You've heard it many times before that healing isn't linear. Well, I'd like to echo that once more to you, but I'd also add that recovery doesn't just occur on good days. It doesn't just take place during a "window." This is a hard thing to wrap our minds around. It makes so much more sense that we'd be healing more on good days because, after all, we feel better. And it makes equal sense that on bad days, we must be going backward or that our healing is paused on those days.
The good news is this simply isn't true!
In fact, arguably, MOST of our healing takes place on those tougher days. Those tough days are our receipt of our nervous system struggling to get it all together. Now, I know what you might be thinking. But Coach Powers, I've been in a bad space for quite some time. If what you're saying is true, then why aren't I getting better?
Well, to be fair, you likely have seen minor improvements. The Benzo community has an incredible record for underreporting progress while over-fixating and emphasizing, to dramatic levels at times, the bad. This is true for most of us. And while that again makes logical sense, there are other explanations.
The nervous system throwing a fit as our receptors heal is perfectly normal and healthy. Where we tend to go wrong is in how we react and respond to that receptor temper tantrum. As I've been teaching for some time now, benzo recovery is bigger than just receptor damage/repair and chemical withdrawal. There undoubtedly is a considerable degree of psychological and holistic impact on our recovery.
Think of it like someone who experienced a significant trauma. Perhaps they were nearly killed by a grizzly bear while hiking. They survive, and all their wounds heal, but the trauma remains. They feel awful. Their limbic systems continue to react as if they were being mauled by the bear as if the bear were still nearby. This ramps up symptoms and if not appropriately addressed, can lead to not only sustained trauma response but also the manifestation of other mental illness.
Now imagine if you confused that trauma and manifestations of illness with the initial mauling of the bear. Of course, this is such a blatant example. It's almost silly. It's not so obvious in benzo recovery. In fact, there's a hell of a lot of grey area. One cannot see the forest from the trees. So we tend to take symptoms of recovery, trauma responses, or manifestations of illnesses as evidence that we never healed. Or that we are somehow going backward.
Remember. Your amygdala will gravitate towards these ideas, but that doesn't make them true.
One needs to be very clever and self-aware, or else the chemical fear will convince us of lies. And as that process continues, we lose hope, we buy into the lies, and then something even worse happens. We do see an increase in some suffering and symptoms, and we cling to it as evidence of our inability to heal.
It creates a kind of confirmation bias regarding our sickness.
And if you're battling rumination, let me tell you, that's a red flag that you better be very careful with what your mind is telling you. It's such a rabbit hole. It's a real trap, my friends!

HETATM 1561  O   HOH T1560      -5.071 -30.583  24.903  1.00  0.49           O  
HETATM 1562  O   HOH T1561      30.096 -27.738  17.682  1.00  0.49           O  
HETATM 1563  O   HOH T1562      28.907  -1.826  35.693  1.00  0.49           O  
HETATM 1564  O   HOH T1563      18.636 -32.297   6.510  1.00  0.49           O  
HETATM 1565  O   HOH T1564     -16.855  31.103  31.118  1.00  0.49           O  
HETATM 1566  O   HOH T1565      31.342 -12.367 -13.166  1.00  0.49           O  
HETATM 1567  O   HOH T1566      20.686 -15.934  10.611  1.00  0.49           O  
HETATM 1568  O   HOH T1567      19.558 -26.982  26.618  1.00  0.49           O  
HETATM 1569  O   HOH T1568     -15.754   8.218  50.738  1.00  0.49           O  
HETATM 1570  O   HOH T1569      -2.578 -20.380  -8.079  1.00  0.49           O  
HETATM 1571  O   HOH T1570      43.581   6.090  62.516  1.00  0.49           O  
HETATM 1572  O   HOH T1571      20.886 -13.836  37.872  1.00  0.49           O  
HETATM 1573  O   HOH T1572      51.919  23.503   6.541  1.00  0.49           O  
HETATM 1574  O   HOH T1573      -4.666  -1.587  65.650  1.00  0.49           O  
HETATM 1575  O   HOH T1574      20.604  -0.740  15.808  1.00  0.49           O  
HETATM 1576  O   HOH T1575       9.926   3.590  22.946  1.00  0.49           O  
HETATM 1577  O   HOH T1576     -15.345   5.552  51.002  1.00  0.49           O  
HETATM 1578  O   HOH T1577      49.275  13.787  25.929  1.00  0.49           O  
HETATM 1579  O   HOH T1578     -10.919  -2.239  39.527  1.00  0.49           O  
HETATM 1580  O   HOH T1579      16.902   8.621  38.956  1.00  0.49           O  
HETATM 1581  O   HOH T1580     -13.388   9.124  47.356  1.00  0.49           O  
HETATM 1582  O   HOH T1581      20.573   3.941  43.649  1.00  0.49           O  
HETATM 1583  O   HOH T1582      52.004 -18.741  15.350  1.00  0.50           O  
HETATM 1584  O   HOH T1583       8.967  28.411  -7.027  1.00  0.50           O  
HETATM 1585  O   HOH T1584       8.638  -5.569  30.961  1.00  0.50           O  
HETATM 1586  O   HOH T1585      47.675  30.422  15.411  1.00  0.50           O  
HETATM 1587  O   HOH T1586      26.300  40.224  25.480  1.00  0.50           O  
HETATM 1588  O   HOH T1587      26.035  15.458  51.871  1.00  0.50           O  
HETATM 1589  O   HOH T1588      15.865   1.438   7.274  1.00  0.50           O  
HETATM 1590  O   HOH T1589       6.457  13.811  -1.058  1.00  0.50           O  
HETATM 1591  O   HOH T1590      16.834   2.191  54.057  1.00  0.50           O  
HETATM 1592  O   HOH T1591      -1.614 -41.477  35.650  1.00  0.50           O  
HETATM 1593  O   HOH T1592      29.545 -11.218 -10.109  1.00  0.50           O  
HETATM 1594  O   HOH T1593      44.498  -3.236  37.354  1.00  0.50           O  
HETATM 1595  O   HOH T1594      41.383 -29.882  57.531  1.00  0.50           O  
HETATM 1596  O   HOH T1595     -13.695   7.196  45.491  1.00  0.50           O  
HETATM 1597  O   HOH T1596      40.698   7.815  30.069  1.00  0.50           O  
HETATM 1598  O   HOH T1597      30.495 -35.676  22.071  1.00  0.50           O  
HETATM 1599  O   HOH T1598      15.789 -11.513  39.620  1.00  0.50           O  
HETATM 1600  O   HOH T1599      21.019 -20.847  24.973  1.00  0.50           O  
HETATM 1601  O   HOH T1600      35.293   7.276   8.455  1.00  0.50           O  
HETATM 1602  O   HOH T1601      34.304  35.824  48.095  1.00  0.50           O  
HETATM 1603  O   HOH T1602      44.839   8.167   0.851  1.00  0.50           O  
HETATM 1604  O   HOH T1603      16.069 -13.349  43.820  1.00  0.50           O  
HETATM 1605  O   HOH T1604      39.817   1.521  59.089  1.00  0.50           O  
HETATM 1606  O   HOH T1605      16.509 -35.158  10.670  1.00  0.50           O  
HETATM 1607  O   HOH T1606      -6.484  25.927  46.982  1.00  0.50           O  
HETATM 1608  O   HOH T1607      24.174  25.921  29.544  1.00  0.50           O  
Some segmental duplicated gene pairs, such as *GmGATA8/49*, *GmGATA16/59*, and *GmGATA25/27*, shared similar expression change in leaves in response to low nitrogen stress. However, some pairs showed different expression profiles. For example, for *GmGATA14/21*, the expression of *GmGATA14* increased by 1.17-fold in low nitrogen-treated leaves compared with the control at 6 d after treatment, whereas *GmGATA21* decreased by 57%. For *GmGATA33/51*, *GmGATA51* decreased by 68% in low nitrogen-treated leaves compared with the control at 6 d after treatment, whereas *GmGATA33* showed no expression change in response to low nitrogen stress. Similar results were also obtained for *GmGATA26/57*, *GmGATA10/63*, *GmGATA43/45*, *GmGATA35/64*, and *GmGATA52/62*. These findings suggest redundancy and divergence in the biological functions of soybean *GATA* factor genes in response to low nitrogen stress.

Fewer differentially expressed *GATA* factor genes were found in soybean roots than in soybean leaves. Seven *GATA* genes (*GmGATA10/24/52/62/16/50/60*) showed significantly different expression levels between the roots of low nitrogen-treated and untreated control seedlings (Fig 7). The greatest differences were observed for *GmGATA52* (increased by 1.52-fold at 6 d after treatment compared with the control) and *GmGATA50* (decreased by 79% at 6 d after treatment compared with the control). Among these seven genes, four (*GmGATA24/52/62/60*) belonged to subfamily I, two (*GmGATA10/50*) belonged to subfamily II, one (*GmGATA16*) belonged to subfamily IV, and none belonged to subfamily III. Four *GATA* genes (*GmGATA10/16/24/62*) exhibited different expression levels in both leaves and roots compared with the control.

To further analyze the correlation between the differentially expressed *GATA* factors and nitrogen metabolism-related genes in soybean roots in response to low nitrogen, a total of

The truth is, if you're working your recovery program. If you succeeded in getting off all the other doom and gloom forums, if you've created an insulated safe environment for yourself, if you're working on healing, working on your diet, working on your self-love and compassion, working on neuroplasticity training, exercising, meditating, etc., then you ARE on the straight and narrow! Rest assured. You ARE in the process of healing.
A huge problem or challenge for us all is that healing isn't linear, there's no one-size-fits-all, and there is not way of telling how long it will take.
We all know benzo recovery isn't easy. I've said it a million times. Benzo withdrawal is the most difficult, dangerous, and scary withdrawal on Earth. It can make coming off of heroin look like a beach vacation. We all know this. The work you're doing and the progress you're making, even if it is damn slow and damn small, are HUGE leaps when you're really looking at the big picture. Remember. Nerves heal very slowly. Slower than anything else in the body. You can rip a tendon off the bone, and it will heal quicker than nerves. Also, remember that as nerves heal, they do wonky things. They fire and misfire. They throw what I often call 'little fits', and it can be very concerning, as it seems to suggest that we are not healing. Or that we are getting worse. That's not true.
Take a deep breath. You ARE healing. And if you're at the end of your taper or have already come off Benzos and you find yourself yo-yo-ing, please know this is also an excellent space to be. It's not comfortable, and it can be scary, but this is your nervous system figuring it all out again. This is how nerves heal. What becomes so essential at this stage is that you don't lose hope and don't give up. It's incredibly important that you don't feed into the false fear. See it all for what it is. Recognize it. Be mindful. How you ebb and flow with the yo-yo phase will largely determine how long that phase takes. If you are dedicated and practice surrender, love, compassion, and keeping your mindset focused on the truth of your recovery, you will succeed in breaking through.
Gradually, the windows will get more pronounced and come more often while the waves get smaller and smaller. The chopping water eventually begins to calm.